By John Sununu and Harold Ford
It’s no secret that the tech industry has become critical to New York’s economy. With more than 318,000 people employed in the technology field, New York is ranked third in the nation behind California and Texas.
Tech companies thrive in New York in part because of the hearty high-speed data infrastructure that runs throughout the state. But recently, some critics argue that America should follow Europe and heavily regulate the broadband Internet. This, they argue, would create more competition and faster Internet speeds for New York.
But these statements rely on outdated arguments and cherry-picked facts. A more comprehensive look at the key data shows that the United States leads the world with faster speeds and a more expansive reach than most of our major industrial competitors.
The United States has more broadband connections than any country except China and ranks third among Organisation of Economic Co-operation and Development countries in terms of wired broadband choices. Nearly 90 percent of Americans can choose from two or more wired competitors.
Over the last decade, broadband prices have largely remained flat, and price-per-megabit has actually declined by 87 percent for the average consumer, largely because of the dramatic speed increases.
And, notably, these accomplishments were achieved without the massive public subsidies that have been forced onto taxpayers in many European and Asian countries.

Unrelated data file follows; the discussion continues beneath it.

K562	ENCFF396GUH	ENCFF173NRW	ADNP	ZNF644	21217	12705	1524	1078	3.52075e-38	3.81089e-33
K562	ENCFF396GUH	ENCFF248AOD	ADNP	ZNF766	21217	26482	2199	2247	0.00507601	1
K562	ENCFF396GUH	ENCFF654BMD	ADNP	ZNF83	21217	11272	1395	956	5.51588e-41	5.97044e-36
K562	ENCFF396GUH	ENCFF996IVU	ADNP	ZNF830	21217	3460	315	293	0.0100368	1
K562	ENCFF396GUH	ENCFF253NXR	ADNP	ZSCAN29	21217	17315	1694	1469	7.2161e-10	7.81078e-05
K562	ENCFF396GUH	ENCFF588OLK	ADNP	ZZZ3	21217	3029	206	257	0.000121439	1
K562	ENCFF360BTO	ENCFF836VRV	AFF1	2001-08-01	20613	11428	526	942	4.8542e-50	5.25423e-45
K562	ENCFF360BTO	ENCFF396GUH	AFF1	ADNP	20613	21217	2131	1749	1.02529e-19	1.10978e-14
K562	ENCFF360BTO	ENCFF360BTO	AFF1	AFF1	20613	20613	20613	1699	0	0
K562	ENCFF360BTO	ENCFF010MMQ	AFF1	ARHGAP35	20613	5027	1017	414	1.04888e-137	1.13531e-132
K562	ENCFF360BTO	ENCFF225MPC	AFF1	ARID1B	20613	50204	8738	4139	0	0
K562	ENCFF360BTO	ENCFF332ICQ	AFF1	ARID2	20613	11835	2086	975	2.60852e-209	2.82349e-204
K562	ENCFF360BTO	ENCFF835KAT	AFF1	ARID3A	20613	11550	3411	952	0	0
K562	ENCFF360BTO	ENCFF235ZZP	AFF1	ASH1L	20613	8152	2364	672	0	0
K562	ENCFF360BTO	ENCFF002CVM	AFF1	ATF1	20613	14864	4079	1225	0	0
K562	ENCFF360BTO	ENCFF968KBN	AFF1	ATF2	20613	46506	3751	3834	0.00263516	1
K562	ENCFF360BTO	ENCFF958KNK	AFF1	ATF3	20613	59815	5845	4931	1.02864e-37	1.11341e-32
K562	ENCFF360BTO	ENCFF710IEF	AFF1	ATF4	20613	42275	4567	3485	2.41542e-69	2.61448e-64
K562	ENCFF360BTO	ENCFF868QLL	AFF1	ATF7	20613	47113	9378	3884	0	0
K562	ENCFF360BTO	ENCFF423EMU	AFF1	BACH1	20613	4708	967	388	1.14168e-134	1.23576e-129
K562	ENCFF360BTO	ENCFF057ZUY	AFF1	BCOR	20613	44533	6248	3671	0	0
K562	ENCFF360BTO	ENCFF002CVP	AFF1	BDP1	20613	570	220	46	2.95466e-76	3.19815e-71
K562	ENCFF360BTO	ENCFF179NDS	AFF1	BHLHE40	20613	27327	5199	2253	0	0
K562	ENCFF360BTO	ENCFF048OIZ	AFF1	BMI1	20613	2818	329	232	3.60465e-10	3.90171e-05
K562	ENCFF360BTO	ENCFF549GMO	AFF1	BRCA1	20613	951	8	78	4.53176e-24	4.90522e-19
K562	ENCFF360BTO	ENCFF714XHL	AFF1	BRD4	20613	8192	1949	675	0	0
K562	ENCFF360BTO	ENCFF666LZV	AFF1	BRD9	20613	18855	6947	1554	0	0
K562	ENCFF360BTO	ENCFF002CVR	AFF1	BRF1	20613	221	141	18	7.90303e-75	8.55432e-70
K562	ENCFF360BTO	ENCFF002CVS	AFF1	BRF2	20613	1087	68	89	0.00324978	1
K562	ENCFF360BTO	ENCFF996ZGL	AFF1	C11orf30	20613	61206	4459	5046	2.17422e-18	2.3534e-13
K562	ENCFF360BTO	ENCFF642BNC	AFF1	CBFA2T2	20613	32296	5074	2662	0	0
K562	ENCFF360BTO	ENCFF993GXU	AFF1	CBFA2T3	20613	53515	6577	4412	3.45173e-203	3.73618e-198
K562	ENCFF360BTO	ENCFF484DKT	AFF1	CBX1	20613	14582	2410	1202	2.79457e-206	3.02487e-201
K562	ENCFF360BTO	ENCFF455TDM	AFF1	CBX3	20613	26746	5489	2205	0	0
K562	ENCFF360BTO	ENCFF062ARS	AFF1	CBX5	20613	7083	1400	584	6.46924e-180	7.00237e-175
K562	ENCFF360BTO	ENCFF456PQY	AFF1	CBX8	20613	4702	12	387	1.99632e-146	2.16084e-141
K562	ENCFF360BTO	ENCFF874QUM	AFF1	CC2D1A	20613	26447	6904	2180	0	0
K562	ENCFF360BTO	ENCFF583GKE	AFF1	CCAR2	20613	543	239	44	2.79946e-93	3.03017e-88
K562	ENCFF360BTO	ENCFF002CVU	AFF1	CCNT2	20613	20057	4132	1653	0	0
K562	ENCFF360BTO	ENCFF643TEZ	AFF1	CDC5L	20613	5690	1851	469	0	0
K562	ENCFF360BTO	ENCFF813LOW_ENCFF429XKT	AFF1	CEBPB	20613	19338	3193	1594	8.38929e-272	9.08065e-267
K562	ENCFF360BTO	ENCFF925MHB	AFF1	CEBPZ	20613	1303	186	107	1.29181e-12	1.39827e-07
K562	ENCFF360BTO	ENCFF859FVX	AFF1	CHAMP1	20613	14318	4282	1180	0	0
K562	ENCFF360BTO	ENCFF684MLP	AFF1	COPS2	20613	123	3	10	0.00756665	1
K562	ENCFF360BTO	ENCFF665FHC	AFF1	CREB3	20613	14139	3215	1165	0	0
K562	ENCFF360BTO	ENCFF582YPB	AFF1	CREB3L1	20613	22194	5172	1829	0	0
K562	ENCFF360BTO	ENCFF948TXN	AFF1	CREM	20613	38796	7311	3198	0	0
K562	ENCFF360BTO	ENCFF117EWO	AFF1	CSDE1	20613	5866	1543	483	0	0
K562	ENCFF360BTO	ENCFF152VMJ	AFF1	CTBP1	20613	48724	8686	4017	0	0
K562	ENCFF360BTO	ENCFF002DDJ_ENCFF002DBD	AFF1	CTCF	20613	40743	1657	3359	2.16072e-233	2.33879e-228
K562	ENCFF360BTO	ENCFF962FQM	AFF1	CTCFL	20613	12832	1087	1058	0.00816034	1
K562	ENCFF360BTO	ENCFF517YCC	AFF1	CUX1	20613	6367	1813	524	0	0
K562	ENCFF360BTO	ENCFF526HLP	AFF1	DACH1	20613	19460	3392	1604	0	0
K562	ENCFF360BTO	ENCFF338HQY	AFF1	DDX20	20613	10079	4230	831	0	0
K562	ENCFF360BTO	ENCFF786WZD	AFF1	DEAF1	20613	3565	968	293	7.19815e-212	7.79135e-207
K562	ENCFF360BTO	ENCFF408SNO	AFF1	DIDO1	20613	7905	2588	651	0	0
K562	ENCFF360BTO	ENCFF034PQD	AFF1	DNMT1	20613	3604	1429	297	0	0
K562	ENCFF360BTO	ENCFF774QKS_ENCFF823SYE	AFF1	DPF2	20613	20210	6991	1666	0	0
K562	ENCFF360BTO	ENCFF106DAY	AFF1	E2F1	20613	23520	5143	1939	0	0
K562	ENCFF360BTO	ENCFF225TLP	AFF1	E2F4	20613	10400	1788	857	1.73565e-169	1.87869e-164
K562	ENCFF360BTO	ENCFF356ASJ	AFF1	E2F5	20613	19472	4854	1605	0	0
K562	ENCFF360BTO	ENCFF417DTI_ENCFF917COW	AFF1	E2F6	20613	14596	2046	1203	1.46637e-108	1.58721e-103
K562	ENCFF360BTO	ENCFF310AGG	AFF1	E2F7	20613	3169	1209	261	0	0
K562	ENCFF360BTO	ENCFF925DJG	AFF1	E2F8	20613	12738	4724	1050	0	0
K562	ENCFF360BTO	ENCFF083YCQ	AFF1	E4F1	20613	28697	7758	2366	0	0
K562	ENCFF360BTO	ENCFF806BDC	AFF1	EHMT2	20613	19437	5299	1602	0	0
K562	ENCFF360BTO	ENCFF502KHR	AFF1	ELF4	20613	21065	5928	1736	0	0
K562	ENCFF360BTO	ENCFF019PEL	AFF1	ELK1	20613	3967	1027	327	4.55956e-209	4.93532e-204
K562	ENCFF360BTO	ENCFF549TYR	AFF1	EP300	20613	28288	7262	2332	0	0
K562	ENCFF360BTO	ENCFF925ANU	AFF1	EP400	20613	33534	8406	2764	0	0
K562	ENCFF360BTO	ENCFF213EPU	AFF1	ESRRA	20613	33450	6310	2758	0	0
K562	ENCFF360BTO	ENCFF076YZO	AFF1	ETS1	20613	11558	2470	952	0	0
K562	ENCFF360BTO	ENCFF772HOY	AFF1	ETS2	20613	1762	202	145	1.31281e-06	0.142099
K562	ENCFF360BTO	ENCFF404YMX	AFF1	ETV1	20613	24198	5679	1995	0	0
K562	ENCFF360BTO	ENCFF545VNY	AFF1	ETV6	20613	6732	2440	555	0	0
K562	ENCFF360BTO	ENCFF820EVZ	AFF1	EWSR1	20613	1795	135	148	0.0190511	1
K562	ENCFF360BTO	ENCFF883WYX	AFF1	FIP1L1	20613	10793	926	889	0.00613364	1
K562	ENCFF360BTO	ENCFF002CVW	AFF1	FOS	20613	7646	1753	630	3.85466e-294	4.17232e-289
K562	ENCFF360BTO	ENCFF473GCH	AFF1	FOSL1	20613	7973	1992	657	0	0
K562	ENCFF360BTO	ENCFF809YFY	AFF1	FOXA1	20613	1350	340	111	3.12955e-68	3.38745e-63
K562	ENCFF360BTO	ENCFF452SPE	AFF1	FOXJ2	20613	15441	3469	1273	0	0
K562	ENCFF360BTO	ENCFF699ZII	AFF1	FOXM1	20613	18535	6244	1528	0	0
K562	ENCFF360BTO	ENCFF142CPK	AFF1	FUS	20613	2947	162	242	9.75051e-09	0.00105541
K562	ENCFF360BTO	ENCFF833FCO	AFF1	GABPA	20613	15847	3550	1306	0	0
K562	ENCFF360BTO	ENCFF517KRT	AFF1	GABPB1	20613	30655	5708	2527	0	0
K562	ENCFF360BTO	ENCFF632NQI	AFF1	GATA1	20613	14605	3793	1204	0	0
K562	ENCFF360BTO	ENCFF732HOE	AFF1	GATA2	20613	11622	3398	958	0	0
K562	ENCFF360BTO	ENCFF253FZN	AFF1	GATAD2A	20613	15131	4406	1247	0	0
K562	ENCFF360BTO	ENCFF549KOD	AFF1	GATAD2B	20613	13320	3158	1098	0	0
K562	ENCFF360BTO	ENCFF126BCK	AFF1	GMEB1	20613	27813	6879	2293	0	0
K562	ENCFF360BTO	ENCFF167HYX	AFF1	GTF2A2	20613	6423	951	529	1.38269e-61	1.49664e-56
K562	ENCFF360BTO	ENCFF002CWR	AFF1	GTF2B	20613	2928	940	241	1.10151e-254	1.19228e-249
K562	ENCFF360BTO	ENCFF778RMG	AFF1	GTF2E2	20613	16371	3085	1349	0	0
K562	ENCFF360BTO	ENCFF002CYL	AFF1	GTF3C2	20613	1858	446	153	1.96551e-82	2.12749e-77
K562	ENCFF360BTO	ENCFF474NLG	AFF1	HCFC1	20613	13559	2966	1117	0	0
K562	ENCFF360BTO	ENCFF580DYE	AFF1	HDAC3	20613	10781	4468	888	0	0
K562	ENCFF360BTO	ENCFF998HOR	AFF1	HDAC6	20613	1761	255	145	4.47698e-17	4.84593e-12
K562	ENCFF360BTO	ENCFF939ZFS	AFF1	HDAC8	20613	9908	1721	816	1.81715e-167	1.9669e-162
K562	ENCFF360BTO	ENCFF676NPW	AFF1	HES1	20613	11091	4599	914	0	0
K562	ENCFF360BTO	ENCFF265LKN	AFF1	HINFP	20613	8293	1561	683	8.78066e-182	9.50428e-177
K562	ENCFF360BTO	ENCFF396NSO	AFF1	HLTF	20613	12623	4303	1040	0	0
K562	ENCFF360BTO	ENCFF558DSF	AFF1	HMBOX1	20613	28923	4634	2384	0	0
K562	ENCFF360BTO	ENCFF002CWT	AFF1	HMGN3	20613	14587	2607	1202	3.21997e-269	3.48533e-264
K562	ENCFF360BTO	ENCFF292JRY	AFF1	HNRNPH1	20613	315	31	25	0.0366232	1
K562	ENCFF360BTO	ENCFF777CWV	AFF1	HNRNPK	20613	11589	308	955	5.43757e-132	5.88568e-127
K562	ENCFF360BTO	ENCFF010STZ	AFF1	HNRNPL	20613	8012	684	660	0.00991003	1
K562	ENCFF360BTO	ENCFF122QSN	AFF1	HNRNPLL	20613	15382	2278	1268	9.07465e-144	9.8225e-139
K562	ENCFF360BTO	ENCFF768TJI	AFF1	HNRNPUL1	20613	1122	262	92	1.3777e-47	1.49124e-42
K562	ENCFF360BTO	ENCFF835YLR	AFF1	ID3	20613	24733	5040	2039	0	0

Some critics still charge that U.S. broadband won’t be first-class until everyone has 1 gigabit-per-second service. But the reality is that the market for even faster services will grow as applications emerge that require them. The very few countries that have experimented with 1-gig services have found that there are no meaningful applications yet developed to take advantage of those speeds.
This is not to say that the U.S. broadband industry is without challenges. We face issues in getting broadband to the most rural and least populous parts of our nation, and federal programs need a more laser-like focus to address this geographic gap.
We also face the challenge of helping more low-income families to get on the broadband superhighway. Thirty percent of Americans don’t subscribe to broadband, as many of them don’t see the relevance of the Internet.
Solving geographic availability and low-income adoption are winnable challenges with the right government policies and private sector initiatives. Critics should focus on the real problem areas rather than use outdated and incomplete data to paint an erroneous picture of our alleged shortcomings.
Sen. John Sununu, R-N.H., and former Rep. Harold E. Ford Jr. are honorary co-chairmen of Broadband for America.